Foreign Policy Blogs

‘The Truth’ and 9/11

'The Truth' and 9/11As C.S. Lewis states in The Abolition of Man, once you step outside of the Tao, by which he means the world of objective value, you and your civilization fall ultimately down a slippery slope into the abyss of value indeterminacy and the rule of a Nietzschean will to power. According to Lewis, “A dogmatic belief in objective value is necessary to a rule which is not tyranny and a servitude that is not slavery.” Value relativism leads to the tyrannical rule of gut feeling, the raw nature of randomly moving atoms, and science, in its modern manifestation of technological will to power over the nature of men.  By that statement, a dogmatic belief, i.e. a belief in something that in all likelihood is not or only partially true,  has to be a prerequisite for any kind of solemn remembrance, since value indeterminancy would make the ability to assign value to past occurrences very difficult.   A couple of weeks ago, Harper’s ran this great piece “9/11 The Limits of Remembrance”  on remembering 9/11.  This passage especially struck me:

It is important not to exaggerate. Whatever meaning history eventually assigns to the attacks of 9/11—and though they are often conflated, history is the antithesis of remembrance—it is highly unlikely that these commemorative events will do any harm to America as a society, even if there is not likely to be very much to learn from it either, any more than there is from eulogies at a funeral. And in an important sense, for the relatives and friends of those who died on that day, remembrance will surely afford some measure of recognition and consolation, though of course not of closure, which is one of the more malign and corrosive psychological fantasies of our age. (The Latin phrase “De mortuis nil nisi bonum,” “Of the dead speak only well,” has often been parodied with the quip, “De mortuis nil nisi bunkum,” but this is wrong. There is nothing admirable about candor during a commemoration, just something childish and conceited.) Remembrance is not valued for shedding much light on the truth in all its nuance and ambiguity. And that is entirely appropriate. The problem is both the degree to which remembrance nourishes illusions about how long human beings can remember and, far more seriously, the potentially grave political and historical consequences it can engender. After all, to remember may not just mean to grieve; it may also mean to harbor a vision of securing justice or vengeance long after it is time to put the guns away.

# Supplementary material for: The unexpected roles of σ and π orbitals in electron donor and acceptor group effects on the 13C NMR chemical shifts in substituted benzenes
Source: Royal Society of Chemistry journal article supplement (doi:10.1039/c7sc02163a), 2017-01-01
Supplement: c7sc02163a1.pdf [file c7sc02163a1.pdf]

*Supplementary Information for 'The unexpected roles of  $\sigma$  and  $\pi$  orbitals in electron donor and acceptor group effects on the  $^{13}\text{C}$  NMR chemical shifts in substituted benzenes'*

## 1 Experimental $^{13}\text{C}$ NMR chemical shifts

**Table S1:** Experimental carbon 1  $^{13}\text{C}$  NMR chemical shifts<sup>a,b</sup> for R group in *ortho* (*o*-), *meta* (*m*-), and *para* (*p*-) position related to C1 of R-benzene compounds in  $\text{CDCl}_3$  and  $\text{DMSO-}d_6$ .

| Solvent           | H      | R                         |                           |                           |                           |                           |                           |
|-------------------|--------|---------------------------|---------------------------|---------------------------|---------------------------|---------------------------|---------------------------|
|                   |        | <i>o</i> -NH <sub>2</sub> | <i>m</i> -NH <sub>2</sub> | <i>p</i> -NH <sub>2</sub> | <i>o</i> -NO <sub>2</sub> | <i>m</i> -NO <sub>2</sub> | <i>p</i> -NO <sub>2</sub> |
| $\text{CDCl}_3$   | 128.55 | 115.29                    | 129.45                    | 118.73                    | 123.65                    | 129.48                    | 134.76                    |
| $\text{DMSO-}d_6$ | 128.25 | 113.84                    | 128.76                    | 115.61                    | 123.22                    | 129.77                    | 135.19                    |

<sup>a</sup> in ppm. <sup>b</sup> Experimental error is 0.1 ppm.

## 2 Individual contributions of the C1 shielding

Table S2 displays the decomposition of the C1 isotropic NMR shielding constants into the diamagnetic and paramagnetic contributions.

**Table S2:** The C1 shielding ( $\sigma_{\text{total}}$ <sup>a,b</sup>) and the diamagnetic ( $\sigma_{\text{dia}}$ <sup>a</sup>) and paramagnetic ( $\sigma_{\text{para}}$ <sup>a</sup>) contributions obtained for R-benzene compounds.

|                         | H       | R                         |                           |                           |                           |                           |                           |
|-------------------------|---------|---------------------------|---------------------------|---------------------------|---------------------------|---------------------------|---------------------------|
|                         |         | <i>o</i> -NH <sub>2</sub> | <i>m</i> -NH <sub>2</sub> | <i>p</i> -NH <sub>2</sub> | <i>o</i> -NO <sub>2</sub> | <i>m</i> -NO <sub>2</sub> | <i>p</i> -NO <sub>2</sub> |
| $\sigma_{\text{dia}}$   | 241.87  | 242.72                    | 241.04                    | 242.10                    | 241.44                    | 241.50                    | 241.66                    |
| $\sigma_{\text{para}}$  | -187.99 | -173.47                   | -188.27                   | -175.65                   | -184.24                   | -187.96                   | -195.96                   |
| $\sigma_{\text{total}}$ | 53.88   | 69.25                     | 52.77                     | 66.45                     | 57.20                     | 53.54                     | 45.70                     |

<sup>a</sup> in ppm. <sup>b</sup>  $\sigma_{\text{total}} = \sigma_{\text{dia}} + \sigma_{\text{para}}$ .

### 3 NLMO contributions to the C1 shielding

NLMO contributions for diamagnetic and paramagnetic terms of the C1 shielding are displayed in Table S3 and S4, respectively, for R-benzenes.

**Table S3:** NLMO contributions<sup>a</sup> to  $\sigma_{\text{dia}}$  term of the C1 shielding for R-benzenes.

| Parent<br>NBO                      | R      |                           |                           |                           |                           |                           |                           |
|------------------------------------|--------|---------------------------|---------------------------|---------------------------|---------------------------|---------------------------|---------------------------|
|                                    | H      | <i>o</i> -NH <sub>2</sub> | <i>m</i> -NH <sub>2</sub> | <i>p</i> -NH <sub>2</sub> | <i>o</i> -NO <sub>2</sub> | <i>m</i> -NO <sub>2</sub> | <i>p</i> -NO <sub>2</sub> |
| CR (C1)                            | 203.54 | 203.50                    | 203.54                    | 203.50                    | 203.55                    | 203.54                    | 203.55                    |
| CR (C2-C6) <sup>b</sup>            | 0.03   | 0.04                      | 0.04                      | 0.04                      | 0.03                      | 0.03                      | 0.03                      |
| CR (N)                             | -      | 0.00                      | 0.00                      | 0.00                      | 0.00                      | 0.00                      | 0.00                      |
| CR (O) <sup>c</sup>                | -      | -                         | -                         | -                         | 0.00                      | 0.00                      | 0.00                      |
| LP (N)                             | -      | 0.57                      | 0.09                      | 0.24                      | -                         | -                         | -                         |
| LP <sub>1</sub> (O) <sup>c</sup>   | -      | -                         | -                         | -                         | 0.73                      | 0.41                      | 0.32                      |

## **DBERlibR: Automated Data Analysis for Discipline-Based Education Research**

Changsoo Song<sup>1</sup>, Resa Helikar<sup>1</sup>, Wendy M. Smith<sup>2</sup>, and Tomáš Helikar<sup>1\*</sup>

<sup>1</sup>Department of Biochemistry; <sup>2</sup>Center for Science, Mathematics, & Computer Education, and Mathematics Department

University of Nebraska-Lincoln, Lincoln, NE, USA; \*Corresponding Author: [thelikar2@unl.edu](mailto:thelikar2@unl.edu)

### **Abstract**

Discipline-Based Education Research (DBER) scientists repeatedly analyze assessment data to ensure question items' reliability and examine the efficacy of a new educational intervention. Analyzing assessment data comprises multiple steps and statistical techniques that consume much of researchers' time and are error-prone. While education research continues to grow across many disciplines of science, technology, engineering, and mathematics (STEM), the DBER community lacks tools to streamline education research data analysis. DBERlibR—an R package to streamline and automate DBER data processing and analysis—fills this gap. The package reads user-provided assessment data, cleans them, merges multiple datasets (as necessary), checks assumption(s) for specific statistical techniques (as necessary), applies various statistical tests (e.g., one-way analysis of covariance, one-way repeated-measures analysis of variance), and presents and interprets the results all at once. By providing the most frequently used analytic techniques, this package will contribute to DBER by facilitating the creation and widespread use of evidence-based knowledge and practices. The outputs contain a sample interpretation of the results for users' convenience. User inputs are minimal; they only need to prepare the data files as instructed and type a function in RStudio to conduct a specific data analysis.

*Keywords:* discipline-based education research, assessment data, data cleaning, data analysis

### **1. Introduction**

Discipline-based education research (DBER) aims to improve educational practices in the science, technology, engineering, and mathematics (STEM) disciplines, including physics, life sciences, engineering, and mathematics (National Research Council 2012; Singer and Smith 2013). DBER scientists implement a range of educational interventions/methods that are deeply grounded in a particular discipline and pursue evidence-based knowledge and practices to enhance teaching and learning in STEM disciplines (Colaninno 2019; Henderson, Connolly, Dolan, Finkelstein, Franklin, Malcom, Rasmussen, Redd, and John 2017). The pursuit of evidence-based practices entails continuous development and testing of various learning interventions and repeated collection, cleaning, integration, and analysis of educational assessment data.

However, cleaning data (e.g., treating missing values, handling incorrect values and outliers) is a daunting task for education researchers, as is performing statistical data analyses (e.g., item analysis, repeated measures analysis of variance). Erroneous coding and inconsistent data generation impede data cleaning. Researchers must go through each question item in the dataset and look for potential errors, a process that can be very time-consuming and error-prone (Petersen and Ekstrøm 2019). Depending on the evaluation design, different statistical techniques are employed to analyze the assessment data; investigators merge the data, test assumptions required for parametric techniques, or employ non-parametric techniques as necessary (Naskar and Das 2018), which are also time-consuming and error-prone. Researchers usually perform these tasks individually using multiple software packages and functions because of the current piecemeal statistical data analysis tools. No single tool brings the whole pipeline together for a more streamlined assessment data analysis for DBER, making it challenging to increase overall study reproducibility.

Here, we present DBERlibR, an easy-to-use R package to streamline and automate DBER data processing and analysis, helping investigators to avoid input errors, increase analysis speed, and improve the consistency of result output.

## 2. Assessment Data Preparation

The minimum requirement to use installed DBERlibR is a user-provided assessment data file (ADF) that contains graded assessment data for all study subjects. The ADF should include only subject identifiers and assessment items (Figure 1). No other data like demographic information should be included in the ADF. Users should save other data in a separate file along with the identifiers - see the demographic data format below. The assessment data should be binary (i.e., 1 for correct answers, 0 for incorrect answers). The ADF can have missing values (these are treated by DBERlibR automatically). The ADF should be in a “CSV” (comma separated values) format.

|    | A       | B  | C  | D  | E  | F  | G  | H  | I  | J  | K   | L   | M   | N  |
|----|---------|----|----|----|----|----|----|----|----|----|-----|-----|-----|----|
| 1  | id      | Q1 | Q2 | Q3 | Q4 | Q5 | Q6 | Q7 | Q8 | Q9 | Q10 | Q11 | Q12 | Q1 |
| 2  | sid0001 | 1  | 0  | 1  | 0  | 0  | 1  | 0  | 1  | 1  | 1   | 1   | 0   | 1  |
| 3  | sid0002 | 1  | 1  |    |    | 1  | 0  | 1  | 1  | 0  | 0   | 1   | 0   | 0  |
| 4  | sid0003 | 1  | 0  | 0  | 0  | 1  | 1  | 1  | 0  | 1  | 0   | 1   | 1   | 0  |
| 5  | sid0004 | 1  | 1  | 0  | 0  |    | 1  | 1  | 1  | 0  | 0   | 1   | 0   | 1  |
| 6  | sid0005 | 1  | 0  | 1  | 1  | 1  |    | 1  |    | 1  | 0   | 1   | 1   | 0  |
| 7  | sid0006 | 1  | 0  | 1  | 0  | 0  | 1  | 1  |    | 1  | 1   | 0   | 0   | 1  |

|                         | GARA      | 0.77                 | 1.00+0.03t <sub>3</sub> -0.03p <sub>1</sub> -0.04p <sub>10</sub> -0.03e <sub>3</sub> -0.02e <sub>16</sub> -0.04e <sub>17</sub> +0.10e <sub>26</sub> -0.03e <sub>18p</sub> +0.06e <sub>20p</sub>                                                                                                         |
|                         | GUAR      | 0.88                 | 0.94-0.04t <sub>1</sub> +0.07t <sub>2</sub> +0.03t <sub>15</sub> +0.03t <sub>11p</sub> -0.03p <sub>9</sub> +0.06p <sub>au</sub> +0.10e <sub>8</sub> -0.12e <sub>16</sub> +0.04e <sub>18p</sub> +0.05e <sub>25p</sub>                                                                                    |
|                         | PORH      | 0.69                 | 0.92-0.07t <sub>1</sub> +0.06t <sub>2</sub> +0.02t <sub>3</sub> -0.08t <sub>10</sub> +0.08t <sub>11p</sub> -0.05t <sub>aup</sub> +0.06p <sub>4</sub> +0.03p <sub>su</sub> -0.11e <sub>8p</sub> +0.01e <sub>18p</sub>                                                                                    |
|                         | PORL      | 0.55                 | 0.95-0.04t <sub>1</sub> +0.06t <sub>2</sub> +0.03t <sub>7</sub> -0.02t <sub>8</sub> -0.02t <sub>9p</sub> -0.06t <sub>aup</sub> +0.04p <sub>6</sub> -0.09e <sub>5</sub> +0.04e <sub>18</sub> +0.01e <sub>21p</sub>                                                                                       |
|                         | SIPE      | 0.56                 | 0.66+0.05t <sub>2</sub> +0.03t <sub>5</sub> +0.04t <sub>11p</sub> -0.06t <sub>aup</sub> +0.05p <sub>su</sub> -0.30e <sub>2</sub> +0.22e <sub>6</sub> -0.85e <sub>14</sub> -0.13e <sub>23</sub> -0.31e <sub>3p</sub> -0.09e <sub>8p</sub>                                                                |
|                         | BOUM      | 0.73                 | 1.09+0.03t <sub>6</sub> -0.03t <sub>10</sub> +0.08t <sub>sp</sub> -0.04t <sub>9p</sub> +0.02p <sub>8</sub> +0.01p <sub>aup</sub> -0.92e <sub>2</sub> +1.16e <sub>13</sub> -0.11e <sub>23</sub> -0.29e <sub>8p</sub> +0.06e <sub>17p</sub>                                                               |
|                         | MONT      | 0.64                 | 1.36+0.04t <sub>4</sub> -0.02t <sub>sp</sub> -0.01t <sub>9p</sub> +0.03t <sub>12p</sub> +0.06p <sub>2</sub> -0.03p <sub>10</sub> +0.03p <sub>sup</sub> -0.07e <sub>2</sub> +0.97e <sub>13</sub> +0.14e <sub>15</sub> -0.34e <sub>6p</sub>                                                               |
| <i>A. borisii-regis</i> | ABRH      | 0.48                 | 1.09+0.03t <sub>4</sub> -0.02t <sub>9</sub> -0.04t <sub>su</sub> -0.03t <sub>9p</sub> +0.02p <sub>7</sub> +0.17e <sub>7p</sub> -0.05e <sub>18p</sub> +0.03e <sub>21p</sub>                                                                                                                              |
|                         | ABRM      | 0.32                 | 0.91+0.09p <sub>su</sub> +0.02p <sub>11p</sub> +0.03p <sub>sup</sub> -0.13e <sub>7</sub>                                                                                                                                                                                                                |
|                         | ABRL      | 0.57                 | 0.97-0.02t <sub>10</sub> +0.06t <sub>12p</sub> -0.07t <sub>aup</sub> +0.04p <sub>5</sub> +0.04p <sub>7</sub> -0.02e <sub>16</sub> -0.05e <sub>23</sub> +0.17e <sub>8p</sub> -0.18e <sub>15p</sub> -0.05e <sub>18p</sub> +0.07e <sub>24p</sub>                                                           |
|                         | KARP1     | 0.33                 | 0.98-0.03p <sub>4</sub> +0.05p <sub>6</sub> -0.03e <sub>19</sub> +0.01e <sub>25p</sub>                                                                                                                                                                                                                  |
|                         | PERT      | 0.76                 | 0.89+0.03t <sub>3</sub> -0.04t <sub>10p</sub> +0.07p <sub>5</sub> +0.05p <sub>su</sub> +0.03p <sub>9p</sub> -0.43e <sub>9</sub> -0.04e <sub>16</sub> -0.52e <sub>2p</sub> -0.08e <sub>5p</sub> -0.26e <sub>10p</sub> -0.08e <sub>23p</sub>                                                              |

My point is that whatever speeches and eulogies we will hear in the next couple of days, their main purpose will be remembrance – not critically investigating ‘the truth’ or  justness of U.S. Foreign Policy.  I say that because I can already picture in my head the comments by the likes of  Tariq Ali in this weekend’s newspaper editions stating: “To the victims of the attack and their relatives one can offer our deep sympathy, as one does to people whom the U.S. government has victimized.” (note the absence of a period after sympathy). Let’s for a brief period cast aside world politics and just remember.  And lest we forget,  Percy’s poem Ozymandias provides a beautiful reminder on the ultimate futility of remembrance:

I met a traveller from an antique land, Who said–“Two vast and trunkless legs of stone Stand in the desart….Near them, on the sand, Half sunk a shattered visage lies, whose frown, And wrinkled lip, and sneer of cold command, Tell that its sculptor well those passions read Which yet survive, stamped on these lifeless things, The hand that mocked them, and the heart that fed; And on the pedestal, these words appear: My name is Ozymandias, King of Kings, Look on my Works, ye Mighty, and despair! Nothing beside remains. Round the decay Of that colossal Wreck, boundless and bare The lone and level sands stretch far away.”



Franz-Stefan Gady

Franz-Stefan Gady is a foreign policy analyst and world affairs commentator. Franz-Stefan has written for the Christian Science Monitor, Foreign Policy Magazine, Foreign Policy Journal, Der Standard, American Diplomacy Quarterly, The National Interest, Small Wars Journal, and New Europe. Follow him on Twitter:!/hoanssolo